I have seen the following definition in a class file (which we use internally):


This provides \titlebackground as a command for changing \@TitleBackground, but how/why does it work? I would understand it if the second line was


but why does it work also without the argument, i.e, with \renewcommand having onle one parameter?

And does the shorter version has some advantages or disadvantages over the longer one?

  • 2
    Because when you do \titlebackground{something}, TeX expands \titlebackground to \renewcommand{\@TitleBackground} and you have \renewcommand{\@TitleBackground}{something}, which is slightly faster than grabbing the argument once, and passing it again to \renewcommand (which is not wrong either). Oct 23, 2019 at 12:03
  • 2
    Although the macro you're asking about is different, the principle is the same as explained here: tex.stackexchange.com/q/509471/134574. Oct 23, 2019 at 12:08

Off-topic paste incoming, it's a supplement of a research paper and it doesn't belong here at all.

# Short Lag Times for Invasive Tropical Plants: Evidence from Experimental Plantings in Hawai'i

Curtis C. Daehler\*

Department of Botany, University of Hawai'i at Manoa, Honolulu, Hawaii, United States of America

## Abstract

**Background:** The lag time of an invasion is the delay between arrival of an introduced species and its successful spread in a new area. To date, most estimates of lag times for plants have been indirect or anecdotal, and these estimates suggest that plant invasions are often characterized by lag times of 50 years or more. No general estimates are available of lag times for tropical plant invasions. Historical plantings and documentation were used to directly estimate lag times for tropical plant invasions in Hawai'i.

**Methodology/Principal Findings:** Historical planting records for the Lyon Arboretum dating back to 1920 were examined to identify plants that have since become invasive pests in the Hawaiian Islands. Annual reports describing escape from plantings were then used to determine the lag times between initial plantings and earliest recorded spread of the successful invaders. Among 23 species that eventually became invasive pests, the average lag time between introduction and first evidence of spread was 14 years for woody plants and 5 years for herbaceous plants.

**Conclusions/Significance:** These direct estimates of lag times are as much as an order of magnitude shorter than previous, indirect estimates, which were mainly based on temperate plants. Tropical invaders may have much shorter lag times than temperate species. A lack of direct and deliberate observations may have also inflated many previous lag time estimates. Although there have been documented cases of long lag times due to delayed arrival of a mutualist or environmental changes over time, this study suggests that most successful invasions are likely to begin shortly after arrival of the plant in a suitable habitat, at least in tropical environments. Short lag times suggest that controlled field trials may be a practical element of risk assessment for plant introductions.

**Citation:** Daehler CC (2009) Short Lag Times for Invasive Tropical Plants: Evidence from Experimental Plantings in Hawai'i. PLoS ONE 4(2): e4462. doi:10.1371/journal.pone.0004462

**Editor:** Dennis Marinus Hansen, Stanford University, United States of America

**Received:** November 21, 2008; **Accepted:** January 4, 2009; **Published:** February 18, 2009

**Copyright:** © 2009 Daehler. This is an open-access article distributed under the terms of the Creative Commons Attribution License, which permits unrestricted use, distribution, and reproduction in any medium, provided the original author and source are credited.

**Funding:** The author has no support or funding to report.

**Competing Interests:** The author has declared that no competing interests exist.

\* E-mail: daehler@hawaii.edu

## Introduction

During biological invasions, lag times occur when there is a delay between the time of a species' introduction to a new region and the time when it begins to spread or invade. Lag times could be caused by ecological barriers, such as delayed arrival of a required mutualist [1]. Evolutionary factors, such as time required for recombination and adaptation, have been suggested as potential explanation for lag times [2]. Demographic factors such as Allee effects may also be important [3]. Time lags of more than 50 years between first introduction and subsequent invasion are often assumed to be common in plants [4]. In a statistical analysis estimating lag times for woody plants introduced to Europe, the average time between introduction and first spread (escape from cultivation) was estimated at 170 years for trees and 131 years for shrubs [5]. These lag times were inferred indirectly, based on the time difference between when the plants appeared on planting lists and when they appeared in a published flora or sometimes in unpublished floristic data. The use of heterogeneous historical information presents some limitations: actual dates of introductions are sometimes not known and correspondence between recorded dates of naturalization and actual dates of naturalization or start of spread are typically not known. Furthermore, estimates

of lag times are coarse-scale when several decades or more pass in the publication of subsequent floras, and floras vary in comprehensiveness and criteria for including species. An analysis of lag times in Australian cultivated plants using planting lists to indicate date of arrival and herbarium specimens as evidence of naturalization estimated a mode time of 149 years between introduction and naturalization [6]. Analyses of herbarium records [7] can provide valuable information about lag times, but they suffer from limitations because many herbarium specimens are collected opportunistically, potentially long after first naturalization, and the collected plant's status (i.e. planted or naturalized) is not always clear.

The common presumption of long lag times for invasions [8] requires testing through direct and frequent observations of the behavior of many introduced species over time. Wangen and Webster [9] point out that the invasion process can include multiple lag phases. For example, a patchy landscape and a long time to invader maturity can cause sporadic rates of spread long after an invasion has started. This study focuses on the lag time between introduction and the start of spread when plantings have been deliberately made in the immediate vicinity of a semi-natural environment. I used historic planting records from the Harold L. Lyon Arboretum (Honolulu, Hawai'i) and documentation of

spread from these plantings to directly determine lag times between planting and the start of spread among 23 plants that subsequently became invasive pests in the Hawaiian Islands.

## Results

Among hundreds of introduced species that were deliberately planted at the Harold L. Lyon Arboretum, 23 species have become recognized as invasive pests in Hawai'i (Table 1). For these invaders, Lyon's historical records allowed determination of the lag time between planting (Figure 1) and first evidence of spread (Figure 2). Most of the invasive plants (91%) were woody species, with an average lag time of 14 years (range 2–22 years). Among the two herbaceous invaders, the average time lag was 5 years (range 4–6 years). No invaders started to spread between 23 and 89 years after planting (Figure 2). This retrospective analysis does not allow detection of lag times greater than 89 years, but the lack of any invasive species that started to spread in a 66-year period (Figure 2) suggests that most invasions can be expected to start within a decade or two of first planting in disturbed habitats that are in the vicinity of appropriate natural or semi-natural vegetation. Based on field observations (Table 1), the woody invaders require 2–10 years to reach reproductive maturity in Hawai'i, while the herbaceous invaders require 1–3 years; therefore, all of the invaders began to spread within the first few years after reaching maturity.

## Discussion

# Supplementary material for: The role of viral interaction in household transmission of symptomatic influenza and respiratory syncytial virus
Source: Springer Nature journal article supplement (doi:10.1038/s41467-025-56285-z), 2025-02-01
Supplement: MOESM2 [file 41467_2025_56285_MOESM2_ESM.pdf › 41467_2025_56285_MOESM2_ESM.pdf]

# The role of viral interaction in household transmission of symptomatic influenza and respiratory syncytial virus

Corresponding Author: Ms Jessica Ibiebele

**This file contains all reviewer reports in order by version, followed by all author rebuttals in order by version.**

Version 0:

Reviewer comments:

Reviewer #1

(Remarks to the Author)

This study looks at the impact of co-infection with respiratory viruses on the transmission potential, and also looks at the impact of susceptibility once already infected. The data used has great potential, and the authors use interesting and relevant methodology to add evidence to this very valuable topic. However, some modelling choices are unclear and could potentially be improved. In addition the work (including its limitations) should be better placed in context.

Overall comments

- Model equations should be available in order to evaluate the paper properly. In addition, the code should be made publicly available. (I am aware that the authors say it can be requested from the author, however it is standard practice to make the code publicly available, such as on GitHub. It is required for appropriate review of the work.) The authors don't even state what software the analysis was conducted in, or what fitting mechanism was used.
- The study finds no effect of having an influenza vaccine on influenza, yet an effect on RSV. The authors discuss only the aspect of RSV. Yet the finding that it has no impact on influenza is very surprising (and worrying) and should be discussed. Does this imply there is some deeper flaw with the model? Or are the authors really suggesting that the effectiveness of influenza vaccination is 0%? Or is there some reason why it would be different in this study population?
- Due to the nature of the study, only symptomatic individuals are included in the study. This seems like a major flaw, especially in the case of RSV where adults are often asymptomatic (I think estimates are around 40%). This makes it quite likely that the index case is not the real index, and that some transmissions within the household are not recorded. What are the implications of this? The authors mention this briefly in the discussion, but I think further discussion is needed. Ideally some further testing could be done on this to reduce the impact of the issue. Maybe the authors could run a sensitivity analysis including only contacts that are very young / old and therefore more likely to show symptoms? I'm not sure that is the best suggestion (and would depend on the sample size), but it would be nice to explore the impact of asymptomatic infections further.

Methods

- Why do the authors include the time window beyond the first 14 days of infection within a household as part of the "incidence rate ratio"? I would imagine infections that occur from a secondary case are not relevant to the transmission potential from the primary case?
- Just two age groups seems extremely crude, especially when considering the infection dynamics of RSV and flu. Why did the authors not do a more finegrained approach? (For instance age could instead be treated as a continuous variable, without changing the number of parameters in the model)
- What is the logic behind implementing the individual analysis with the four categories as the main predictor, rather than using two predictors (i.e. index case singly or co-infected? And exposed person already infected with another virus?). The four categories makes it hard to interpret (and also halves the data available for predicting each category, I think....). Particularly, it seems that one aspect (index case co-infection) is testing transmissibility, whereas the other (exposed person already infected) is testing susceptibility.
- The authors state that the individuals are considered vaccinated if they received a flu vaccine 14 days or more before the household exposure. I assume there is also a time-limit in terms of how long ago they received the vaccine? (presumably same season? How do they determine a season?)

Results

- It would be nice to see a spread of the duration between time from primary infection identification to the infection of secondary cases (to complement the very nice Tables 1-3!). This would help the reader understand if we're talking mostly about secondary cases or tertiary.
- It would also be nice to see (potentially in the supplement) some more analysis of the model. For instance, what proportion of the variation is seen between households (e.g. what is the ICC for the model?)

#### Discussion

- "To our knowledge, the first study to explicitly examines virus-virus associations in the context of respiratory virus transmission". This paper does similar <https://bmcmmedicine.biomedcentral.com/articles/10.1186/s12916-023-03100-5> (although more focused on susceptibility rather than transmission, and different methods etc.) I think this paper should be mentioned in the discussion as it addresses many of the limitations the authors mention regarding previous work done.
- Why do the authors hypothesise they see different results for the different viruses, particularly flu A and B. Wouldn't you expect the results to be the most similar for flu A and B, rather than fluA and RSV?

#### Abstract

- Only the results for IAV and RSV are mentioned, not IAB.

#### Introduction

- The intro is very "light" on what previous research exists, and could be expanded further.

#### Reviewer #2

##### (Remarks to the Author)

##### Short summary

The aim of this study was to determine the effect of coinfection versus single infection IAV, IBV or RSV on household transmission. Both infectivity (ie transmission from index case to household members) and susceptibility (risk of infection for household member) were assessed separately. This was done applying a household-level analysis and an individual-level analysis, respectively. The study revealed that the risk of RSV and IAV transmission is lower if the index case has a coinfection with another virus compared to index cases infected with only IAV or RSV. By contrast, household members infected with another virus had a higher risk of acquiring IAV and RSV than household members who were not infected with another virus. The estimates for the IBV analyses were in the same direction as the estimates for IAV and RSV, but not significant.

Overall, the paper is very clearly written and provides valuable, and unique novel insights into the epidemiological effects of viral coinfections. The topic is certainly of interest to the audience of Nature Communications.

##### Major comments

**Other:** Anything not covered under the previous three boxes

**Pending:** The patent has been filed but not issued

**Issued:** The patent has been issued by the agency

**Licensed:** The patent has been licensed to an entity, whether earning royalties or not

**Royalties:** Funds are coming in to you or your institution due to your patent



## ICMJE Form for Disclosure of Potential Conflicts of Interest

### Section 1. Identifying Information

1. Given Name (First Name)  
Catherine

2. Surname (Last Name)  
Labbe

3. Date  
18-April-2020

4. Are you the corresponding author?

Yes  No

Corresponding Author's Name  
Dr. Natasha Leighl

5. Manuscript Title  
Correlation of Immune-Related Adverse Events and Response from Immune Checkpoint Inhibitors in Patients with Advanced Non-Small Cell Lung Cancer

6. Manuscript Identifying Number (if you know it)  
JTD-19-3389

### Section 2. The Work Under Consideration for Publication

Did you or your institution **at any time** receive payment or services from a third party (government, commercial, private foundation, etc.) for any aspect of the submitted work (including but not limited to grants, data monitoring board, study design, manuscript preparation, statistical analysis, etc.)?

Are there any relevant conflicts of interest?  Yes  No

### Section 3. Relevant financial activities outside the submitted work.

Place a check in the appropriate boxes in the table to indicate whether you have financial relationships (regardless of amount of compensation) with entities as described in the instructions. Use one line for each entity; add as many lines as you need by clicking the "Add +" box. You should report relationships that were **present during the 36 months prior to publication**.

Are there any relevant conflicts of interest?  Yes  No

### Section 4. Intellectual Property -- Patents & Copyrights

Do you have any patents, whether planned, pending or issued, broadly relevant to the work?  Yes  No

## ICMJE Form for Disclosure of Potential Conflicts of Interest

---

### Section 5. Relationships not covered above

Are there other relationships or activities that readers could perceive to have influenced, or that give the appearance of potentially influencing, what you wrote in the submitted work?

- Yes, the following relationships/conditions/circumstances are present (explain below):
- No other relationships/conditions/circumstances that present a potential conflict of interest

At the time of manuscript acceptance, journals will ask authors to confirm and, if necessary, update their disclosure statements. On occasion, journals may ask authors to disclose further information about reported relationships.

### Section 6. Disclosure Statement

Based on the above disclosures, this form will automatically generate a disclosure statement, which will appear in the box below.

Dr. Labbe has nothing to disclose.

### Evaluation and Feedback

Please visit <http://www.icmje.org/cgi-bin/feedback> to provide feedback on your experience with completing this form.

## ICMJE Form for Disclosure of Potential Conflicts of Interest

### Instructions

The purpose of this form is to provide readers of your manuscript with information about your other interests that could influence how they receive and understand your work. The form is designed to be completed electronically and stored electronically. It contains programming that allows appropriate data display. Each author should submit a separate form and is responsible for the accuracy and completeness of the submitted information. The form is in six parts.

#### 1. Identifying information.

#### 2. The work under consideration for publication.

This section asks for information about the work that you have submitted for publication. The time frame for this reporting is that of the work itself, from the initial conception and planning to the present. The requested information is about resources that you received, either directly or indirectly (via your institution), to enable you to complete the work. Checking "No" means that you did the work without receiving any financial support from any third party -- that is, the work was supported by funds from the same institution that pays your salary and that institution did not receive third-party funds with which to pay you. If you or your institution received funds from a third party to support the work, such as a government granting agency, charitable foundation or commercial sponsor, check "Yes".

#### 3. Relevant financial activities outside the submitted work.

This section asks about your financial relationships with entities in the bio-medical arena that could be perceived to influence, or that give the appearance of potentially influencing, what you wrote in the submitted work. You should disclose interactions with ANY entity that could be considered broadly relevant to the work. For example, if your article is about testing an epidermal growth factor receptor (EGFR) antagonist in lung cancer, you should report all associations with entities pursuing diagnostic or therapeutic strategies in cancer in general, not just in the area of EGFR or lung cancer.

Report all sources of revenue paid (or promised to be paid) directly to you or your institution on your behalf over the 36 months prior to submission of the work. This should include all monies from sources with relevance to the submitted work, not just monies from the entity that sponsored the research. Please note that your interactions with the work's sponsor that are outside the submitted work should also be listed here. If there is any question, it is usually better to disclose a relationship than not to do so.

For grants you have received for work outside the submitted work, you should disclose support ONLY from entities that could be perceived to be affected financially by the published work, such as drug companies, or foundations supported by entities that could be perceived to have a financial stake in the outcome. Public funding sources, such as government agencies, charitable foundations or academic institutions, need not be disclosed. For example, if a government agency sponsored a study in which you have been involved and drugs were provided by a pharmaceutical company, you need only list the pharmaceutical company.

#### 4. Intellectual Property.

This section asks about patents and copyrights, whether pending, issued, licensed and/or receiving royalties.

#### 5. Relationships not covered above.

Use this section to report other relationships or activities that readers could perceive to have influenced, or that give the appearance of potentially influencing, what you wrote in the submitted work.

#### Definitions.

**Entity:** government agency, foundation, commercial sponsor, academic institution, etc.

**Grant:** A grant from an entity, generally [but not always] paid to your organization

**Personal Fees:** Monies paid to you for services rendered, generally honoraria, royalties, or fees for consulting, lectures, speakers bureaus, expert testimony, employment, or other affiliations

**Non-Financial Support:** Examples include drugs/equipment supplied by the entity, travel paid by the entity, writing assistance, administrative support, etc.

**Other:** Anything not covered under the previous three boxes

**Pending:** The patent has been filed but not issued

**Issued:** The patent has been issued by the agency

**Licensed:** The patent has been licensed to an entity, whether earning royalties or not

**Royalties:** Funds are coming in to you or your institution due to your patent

1 Answer 1


With \newcommand{\titlebackground}{\renewcommand{\@TitleBackground}}, the following happens when \titlebackground{whatever} is processed: \titlebackground is replaced by its expansion, so TeX will restart from


and eventually do \def\@TitleBackground.

With \newcommand{\titlebackground}[1]{\renewcommand{\@TitleBackground}{#1}}, upon finding \titlebackground{whatever} TeX will start expanding \titlebackground; since now this is a macro with an argument, TeX absorbs it and replaces the whole \titlebackground{whatever} with the replacement text, getting at


as before. So the difference is that in the second case {whatever} is looked at as an argument one more time than in the first version.

The difference is negligible. On my machine, doing a job like in the second case one million times require 1/100 of a second longer than the first way.

  • So, they will get exactly the same result, will basically the same speed - but the shorter one hides the fact that the command needs an argument - not only from humans, but also from editors like TeXstudio that actually parse \newcommand .. correct? Oct 24, 2019 at 13:18
  • @MichalKaut Yes, the second way is clearer under several aspects, clarity is usually preferable to efficiency at all costs.
    – egreg
    Oct 24, 2019 at 13:43

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